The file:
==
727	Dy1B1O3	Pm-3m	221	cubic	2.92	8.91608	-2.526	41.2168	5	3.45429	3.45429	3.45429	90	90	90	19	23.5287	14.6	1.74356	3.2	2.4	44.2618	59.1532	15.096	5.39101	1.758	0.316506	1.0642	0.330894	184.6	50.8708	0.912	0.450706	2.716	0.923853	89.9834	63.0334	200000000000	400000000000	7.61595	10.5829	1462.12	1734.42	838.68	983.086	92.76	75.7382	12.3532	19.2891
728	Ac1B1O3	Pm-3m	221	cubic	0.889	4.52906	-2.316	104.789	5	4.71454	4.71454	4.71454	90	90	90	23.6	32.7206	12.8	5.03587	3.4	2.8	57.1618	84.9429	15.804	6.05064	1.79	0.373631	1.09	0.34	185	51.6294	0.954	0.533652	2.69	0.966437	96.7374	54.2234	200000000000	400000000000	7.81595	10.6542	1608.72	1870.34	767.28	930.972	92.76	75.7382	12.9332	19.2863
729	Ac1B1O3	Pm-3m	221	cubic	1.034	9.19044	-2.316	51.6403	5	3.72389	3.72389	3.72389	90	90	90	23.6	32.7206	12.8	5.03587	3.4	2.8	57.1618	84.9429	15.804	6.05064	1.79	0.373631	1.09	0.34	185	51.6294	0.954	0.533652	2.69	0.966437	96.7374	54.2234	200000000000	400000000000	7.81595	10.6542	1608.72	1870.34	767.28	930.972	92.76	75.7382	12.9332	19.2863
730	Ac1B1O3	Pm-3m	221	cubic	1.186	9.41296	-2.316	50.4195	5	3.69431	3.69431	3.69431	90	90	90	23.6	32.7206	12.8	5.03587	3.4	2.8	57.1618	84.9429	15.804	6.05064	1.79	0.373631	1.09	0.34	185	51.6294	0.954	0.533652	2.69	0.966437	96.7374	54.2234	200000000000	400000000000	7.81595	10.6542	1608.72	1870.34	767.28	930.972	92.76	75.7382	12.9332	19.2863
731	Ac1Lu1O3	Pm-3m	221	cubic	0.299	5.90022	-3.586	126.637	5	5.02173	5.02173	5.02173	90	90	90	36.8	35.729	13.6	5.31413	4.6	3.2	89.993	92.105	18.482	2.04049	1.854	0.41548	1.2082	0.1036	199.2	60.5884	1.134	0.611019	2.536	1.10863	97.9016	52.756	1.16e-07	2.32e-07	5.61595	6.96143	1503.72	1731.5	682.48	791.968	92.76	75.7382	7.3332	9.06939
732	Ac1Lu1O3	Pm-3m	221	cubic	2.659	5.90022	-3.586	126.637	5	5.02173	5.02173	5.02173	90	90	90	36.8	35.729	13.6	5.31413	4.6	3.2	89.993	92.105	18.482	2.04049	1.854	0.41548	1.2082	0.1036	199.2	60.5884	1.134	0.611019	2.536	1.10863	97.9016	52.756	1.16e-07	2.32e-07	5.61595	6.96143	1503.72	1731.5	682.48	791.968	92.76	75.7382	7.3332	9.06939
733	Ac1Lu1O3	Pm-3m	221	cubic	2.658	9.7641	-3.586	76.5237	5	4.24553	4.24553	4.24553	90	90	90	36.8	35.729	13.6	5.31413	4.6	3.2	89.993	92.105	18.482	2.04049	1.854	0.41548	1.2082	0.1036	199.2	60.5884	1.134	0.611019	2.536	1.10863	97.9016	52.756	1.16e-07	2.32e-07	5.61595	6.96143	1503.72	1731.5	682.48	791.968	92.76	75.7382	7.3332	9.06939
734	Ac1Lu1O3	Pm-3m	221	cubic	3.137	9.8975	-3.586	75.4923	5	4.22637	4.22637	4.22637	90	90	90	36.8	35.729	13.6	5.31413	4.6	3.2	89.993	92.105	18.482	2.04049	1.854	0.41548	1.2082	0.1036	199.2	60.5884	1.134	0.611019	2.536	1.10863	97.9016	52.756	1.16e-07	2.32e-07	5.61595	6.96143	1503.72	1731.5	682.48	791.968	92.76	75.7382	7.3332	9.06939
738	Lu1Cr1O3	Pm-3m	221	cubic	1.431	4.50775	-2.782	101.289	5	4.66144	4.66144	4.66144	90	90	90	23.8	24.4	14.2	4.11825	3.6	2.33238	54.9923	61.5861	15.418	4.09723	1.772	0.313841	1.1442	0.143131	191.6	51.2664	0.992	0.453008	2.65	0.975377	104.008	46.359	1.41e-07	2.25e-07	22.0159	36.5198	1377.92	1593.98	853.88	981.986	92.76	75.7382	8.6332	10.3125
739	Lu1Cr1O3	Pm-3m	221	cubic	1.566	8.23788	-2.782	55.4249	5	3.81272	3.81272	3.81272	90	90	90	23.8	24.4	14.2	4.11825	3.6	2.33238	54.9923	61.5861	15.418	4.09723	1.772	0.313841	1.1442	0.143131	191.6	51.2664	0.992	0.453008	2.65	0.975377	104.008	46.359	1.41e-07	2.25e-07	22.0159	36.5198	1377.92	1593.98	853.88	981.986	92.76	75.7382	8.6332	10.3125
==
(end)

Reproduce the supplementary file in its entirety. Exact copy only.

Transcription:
727	Dy1B1O3	Pm-3m	221	cubic	2.92	8.91608	-2.526	41.2168	5	3.45429	3.45429	3.45429	90	90	90	19	23.5287	14.6	1.74356	3.2	2.4	44.2618	59.1532	15.096	5.39101	1.758	0.316506	1.0642	0.330894	184.6	50.8708	0.912	0.450706	2.716	0.923853	89.9834	63.0334	200000000000	400000000000	7.61595	10.5829	1462.12	1734.42	838.68	983.086	92.76	75.7382	12.3532	19.2891
728	Ac1B1O3	Pm-3m	221	cubic	0.889	4.52906	-2.316	104.789	5	4.71454	4.71454	4.71454	90	90	90	23.6	32.7206	12.8	5.03587	3.4	2.8	57.1618	84.9429	15.804	6.05064	1.79	0.373631	1.09	0.34	185	51.6294	0.954	0.533652	2.69	0.966437	96.7374	54.2234	200000000000	400000000000	7.81595	10.6542	1608.72	1870.34	767.28	930.972	92.76	75.7382	12.9332	19.2863
729	Ac1B1O3	Pm-3m	221	cubic	1.034	9.19044	-2.316	51.6403	5	3.72389	3.72389	3.72389	90	90	90	23.6	32.7206	12.8	5.03587	3.4	2.8	57.1618	84.9429	15.804	6.05064	1.79	0.373631	1.09	0.34	185	51.6294	0.954	0.533652	2.69	0.966437	96.7374	54.2234	200000000000	400000000000	7.81595	10.6542	1608.72	1870.34	767.28	930.972	92.76	75.7382	12.9332	19.2863
730	Ac1B1O3	Pm-3m	221	cubic	1.186	9.41296	-2.316	50.4195	5	3.69431	3.69431	3.69431	90	90	90	23.6	32.7206	12.8	5.03587	3.4	2.8	57.1618	84.9429	15.804	6.05064	1.79	0.373631	1.09	0.34	185	51.6294	0.954	0.533652	2.69	0.966437	96.7374	54.2234	200000000000	400000000000	7.81595	10.6542	1608.72	1870.34	767.28	930.972	92.76	75.7382	12.9332	19.2863
731	Ac1Lu1O3	Pm-3m	221	cubic	0.299	5.90022	-3.586	126.637	5	5.02173	5.02173	5.02173	90	90	90	36.8	35.729	13.6	5.31413	4.6	3.2	89.993	92.105	18.482	2.04049	1.854	0.41548	1.2082	0.1036	199.2	60.5884	1.134	0.611019	2.536	1.10863	97.9016	52.756	1.16e-07	2.32e-07	5.61595	6.96143	1503.72	1731.5	682.48	791.968	92.76	75.7382	7.3332	9.06939
732	Ac1Lu1O3	Pm-3m	221	cubic	2.659	5.90022	-3.586	126.637	5	5.02173	5.02173	5.02173	90	90	90	36.8	35.729	13.6	5.31413	4.6	3.2	89.993	92.105	18.482	2.04049	1.854	0.41548	1.2082	0.1036	199.2	60.5884	1.134	0.611019	2.536	1.10863	97.9016	52.756	1.16e-07	2.32e-07	5.61595	6.96143	1503.72	1731.5	682.48	791.968	92.76	75.7382	7.3332	9.06939
733	Ac1Lu1O3	Pm-3m	221	cubic	2.658	9.7641	-3.586	76.5237	5	4.24553	4.24553	4.24553	90	90	90	36.8	35.729	13.6	5.31413	4.6	3.2	89.993	92.105	18.482	2.04049	1.854	0.41548	1.2082	0.1036	199.2	60.5884	1.134	0.611019	2.536	1.10863	97.9016	52.756	1.16e-07	2.32e-07	5.61595	6.96143	1503.72	1731.5	682.48	791.968	92.76	75.7382	7.3332	9.06939
734	Ac1Lu1O3	Pm-3m	221	cubic	3.137	9.8975	-3.586	75.4923	5	4.22637	4.22637	4.22637	90	90	90	36.8	35.729	13.6	5.31413	4.6	3.2	89.993	92.105	18.482	2.04049	1.854	0.41548	1.2082	0.1036	199.2	60.5884	1.134	0.611019	2.536	1.10863	97.9016	52.756	1.16e-07	2.32e-07	5.61595	6.96143	1503.72	1731.5	682.48	791.968	92.76	75.7382	7.3332	9.06939
738	Lu1Cr1O3	Pm-3m	221	cubic	1.431	4.50775	-2.782	101.289	5	4.66144	4.66144	4.66144	90	90	90	23.8	24.4	14.2	4.11825	3.6	2.33238	54.9923	61.5861	15.418	4.09723	1.772	0.313841	1.1442	0.143131	191.6	51.2664	0.992	0.453008	2.65	0.975377	104.008	46.359	1.41e-07	2.25e-07	22.0159	36.5198	1377.92	1593.98	853.88	981.986	92.76	75.7382	8.6332	10.3125
739	Lu1Cr1O3	Pm-3m	221	cubic	1.566	8.23788	-2.782	55.4249	5	3.81272	3.81272	3.81272	90	90	90	23.8	24.4	14.2	4.11825	3.6	2.33238	54.9923	61.5861	15.418	4.09723	1.772	0.313841	1.1442	0.143131	191.6	51.2664	0.992	0.453008	2.65	0.975377	104.008	46.359	1.41e-07	2.25e-07	22.0159	36.5198	1377.92	1593.98	853.88	981.986	92.76	75.7382	8.6332	10.3125